History of Middle Eastern Stained Glass

For many Westerners, the first images that spring to mind when the term "stained glass" is mentioned are the religious panels of
the great Gothic cathedrals. Although this association is perfectly natural, it obscures a whole body of work that exists and predates the majesty of the Gothic works.

Stained glass has a history which spans the continents and offers a journey across time and space
imbued with the cultures which through invention and exchange allowed it to evolve. In the Middle East,
the Arabic forms of stained glass include the earliest works of simple roundels arranged in a pattern held
in a matrix of gypsum in Coptic monasteries, cold-painted glass in sculpted frames adorning Umayyad palaces, the Gothic windows of the Crusader castles, the intricate stucco fretwork fit with colored panes in a mosque, or the thoroughly modern works created by contemporary glass artists influenced by global trends and local traditions.
Located off the main road linking Cairo to Alexandria, Deir Abu Maqar is one of the Coptic monasteries
of the Wadi Natron, the most important site for the key ingredients in raw glass production of the first
centuries. In existence since the fourth century, the Abu Maqar monastery was founded by one of the desert fathers, St. Macarius, and according to Coptic tradition, holds the relics of St. John the Baptist. In the monastery’s church, in a worship space which is now closed behind a slatted wooden door, exists what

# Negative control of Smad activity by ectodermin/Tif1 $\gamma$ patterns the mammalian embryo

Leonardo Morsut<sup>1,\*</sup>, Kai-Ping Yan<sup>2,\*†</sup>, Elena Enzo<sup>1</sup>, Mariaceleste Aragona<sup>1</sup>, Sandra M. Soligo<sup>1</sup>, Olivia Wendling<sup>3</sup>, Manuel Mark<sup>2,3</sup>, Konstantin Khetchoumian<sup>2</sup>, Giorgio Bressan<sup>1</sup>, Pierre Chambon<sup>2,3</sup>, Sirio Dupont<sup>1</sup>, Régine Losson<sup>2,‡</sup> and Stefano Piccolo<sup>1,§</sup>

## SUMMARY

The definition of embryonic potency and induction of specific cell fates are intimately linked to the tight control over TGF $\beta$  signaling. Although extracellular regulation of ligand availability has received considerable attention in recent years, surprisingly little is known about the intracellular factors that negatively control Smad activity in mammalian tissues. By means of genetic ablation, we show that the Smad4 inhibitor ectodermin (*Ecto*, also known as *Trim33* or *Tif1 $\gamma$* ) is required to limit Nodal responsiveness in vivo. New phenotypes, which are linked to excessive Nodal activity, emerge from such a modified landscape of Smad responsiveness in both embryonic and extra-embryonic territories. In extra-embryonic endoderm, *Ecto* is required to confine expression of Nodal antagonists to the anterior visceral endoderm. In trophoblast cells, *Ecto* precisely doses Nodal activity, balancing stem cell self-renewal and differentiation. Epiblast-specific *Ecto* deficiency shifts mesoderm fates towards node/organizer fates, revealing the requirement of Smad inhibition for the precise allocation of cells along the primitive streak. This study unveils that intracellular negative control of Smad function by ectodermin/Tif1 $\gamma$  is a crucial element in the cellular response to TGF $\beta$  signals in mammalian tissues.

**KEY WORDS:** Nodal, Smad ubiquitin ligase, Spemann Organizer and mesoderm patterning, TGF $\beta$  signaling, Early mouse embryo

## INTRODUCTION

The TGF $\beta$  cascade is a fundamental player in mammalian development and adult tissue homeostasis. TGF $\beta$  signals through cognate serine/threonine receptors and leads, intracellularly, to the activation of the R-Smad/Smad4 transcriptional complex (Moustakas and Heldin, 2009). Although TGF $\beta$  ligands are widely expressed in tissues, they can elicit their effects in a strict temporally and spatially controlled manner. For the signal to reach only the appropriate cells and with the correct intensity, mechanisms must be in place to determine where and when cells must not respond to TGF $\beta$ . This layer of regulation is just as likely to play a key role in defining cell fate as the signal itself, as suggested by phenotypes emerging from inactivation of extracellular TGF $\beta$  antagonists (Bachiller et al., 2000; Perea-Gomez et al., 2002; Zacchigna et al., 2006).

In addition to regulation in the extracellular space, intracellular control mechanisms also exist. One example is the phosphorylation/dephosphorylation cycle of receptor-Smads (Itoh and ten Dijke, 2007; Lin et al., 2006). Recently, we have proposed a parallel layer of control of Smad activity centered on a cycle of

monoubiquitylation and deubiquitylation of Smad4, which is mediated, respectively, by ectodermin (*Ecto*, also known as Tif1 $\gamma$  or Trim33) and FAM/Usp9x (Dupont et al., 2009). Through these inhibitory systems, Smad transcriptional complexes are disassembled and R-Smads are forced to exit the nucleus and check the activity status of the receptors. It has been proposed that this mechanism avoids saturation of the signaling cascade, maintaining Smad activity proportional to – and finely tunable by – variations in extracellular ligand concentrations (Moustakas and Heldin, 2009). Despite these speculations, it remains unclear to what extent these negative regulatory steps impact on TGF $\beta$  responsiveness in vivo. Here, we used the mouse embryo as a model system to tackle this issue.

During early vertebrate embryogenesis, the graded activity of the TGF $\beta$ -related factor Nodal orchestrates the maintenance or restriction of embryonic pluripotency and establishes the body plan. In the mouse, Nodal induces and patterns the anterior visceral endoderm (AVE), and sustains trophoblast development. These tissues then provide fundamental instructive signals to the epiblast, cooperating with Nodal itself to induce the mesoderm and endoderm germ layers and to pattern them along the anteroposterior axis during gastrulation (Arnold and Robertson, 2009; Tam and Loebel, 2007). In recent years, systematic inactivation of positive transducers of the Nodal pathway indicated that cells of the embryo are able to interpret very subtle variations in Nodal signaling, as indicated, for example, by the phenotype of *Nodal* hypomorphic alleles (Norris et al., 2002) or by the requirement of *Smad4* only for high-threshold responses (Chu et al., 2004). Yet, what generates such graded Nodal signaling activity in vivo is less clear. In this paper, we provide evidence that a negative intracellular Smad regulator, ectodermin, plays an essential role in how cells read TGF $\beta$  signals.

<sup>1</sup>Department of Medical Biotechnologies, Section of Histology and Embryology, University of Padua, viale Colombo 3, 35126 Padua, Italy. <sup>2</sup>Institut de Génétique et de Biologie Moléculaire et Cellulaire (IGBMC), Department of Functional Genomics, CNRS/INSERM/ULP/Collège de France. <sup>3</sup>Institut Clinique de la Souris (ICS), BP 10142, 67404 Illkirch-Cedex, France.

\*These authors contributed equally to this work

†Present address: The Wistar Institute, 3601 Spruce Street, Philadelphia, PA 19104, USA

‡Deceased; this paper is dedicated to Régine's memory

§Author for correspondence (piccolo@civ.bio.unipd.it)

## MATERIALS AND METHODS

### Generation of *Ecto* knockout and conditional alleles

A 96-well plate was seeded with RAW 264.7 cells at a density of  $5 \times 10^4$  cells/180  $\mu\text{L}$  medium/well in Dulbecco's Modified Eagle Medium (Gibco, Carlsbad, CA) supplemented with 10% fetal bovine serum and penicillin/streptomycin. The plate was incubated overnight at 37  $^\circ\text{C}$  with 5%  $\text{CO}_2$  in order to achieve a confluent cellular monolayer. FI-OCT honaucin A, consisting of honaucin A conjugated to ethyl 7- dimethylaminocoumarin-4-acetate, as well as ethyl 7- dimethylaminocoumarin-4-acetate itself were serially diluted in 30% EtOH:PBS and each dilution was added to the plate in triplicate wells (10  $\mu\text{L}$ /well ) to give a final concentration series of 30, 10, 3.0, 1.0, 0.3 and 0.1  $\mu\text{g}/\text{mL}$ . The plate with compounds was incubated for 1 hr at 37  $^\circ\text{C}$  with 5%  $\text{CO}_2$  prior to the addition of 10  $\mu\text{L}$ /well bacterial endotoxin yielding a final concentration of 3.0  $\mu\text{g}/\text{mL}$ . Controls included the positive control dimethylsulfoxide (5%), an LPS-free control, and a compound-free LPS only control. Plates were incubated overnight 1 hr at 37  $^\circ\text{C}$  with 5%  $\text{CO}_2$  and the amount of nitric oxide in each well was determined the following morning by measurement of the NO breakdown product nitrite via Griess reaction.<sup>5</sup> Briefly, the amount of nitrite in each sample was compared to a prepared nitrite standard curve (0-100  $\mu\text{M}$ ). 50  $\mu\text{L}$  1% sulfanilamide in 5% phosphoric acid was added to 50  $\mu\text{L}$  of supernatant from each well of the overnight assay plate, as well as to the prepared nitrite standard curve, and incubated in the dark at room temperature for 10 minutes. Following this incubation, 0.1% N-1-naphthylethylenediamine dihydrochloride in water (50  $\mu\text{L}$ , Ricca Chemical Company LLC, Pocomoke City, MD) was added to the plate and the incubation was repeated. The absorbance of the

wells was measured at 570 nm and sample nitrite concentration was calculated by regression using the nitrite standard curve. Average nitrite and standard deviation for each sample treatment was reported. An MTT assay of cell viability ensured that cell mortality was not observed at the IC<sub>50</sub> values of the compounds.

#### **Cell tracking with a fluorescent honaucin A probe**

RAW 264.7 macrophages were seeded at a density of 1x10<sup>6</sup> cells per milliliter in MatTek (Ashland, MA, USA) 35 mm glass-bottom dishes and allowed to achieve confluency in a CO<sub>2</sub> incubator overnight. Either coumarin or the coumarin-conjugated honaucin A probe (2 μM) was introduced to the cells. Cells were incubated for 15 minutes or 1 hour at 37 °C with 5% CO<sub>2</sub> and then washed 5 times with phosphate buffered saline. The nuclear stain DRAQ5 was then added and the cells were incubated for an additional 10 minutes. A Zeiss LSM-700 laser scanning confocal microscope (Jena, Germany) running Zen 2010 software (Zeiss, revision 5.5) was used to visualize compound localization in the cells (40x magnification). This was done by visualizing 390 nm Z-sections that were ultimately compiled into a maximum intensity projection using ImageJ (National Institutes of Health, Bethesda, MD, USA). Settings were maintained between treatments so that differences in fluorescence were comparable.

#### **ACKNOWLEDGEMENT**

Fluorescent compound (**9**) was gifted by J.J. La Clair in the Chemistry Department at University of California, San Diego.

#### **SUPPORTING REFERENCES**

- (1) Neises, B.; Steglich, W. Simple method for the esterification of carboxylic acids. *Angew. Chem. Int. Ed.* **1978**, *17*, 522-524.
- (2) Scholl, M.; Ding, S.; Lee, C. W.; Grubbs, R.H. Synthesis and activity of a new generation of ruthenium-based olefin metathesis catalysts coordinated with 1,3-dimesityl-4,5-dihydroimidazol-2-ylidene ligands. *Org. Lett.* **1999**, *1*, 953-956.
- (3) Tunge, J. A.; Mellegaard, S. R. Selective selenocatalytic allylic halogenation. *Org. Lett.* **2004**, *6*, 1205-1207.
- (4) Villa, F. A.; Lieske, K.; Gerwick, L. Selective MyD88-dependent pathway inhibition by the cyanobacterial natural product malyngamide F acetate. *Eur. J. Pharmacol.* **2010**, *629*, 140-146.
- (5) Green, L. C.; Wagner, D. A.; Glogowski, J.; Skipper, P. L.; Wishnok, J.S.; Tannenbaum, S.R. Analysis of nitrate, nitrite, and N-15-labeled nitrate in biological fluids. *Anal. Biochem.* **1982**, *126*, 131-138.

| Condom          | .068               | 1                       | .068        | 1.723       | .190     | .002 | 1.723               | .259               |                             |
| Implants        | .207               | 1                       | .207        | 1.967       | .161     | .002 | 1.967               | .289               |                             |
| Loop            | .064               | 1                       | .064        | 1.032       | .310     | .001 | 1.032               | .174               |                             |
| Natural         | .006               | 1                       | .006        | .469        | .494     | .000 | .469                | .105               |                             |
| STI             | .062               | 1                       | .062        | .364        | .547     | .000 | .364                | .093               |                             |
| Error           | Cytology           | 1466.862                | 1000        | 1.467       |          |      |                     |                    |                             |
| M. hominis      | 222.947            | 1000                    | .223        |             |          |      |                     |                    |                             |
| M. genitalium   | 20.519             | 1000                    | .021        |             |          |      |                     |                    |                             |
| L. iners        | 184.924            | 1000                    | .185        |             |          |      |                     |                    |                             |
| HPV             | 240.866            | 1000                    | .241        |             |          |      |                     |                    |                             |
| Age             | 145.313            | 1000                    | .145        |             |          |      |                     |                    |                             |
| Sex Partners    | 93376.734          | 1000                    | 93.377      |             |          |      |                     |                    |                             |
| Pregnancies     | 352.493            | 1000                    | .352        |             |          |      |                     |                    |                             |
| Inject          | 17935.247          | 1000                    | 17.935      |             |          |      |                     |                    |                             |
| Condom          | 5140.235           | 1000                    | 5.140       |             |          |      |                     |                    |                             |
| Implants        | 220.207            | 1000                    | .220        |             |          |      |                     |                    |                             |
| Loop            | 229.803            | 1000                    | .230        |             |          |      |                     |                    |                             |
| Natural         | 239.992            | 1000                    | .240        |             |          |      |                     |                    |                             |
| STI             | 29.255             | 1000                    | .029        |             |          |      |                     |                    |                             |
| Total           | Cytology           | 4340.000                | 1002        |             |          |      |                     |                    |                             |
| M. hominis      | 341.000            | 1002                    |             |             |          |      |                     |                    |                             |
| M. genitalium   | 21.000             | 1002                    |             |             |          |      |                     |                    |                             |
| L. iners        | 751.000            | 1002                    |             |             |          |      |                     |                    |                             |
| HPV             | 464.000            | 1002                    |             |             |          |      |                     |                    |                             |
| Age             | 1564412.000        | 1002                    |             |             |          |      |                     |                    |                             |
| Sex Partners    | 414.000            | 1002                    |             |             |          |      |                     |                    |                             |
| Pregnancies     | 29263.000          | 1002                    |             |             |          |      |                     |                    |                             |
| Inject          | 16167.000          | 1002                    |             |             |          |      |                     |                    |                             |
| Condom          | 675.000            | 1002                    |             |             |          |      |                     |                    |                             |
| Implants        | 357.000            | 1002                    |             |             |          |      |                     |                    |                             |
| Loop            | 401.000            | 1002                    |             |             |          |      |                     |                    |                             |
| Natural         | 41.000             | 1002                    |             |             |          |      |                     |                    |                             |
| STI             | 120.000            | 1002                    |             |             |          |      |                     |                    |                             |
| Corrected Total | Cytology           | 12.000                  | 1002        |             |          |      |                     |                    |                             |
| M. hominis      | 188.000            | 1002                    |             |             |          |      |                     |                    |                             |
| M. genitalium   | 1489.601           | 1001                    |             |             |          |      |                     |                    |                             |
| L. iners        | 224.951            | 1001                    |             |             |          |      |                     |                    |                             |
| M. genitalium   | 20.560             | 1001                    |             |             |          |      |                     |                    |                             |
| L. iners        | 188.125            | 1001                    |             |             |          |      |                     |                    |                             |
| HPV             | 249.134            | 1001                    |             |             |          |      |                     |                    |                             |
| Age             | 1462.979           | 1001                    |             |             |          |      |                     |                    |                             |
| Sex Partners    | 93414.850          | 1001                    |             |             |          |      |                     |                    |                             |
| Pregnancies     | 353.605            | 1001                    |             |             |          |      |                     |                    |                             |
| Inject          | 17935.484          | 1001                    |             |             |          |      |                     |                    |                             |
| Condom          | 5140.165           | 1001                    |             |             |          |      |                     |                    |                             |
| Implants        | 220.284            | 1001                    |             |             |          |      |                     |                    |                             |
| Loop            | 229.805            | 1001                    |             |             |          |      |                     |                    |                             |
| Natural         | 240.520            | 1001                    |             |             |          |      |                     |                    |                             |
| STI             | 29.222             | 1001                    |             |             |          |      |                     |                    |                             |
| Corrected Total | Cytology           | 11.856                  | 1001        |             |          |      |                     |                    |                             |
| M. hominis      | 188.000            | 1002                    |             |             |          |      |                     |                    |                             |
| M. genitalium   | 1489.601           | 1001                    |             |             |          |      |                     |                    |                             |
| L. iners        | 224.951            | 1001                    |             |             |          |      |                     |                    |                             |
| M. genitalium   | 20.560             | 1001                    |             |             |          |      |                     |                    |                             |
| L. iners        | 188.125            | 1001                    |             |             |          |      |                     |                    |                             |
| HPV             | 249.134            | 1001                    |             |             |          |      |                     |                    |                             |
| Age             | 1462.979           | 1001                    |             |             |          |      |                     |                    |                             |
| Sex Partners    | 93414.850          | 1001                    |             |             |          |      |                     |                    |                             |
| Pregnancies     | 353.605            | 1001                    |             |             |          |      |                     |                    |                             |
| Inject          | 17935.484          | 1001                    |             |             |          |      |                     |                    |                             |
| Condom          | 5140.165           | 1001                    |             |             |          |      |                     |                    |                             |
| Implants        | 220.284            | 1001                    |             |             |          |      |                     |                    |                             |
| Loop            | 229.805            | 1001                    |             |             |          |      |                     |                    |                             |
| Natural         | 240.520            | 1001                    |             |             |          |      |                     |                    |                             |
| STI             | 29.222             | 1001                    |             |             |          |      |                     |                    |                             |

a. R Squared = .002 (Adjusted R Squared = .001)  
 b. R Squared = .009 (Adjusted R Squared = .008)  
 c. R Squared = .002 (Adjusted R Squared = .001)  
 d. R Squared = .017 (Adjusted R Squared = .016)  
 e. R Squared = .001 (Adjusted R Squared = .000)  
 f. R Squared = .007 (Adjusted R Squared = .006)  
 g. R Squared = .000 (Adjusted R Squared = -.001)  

might be one of the earliest forms of stained glass whose design is said not to have changed since its creation centuries ago. As the monks explain, they are there to preserve traditions, not create new ones.
The windows are made with simple colorless roundels arranged in a decorative pattern in a sculpted
gypsum frame.
Skipping ahead two or three centuries, one finds the Umayyad palace of Qasr al-Hayr al-Gharbi, east of Palmyra in Syria. Legend tells of an Umayyad prince sitting under a walnut tree observing the play of light through the dense shade. Desiring the same sensation of freshness and beauty in his home, he orders his artisans to find a solution. This is how the elaborately carved geometric windows which would later be fitted with small pieces of colored glass were imagined and brought into being.


Researched and written by
Heidi Scheffler and
Stephane Ruault of
Stained glass at the Topkapi Palace.

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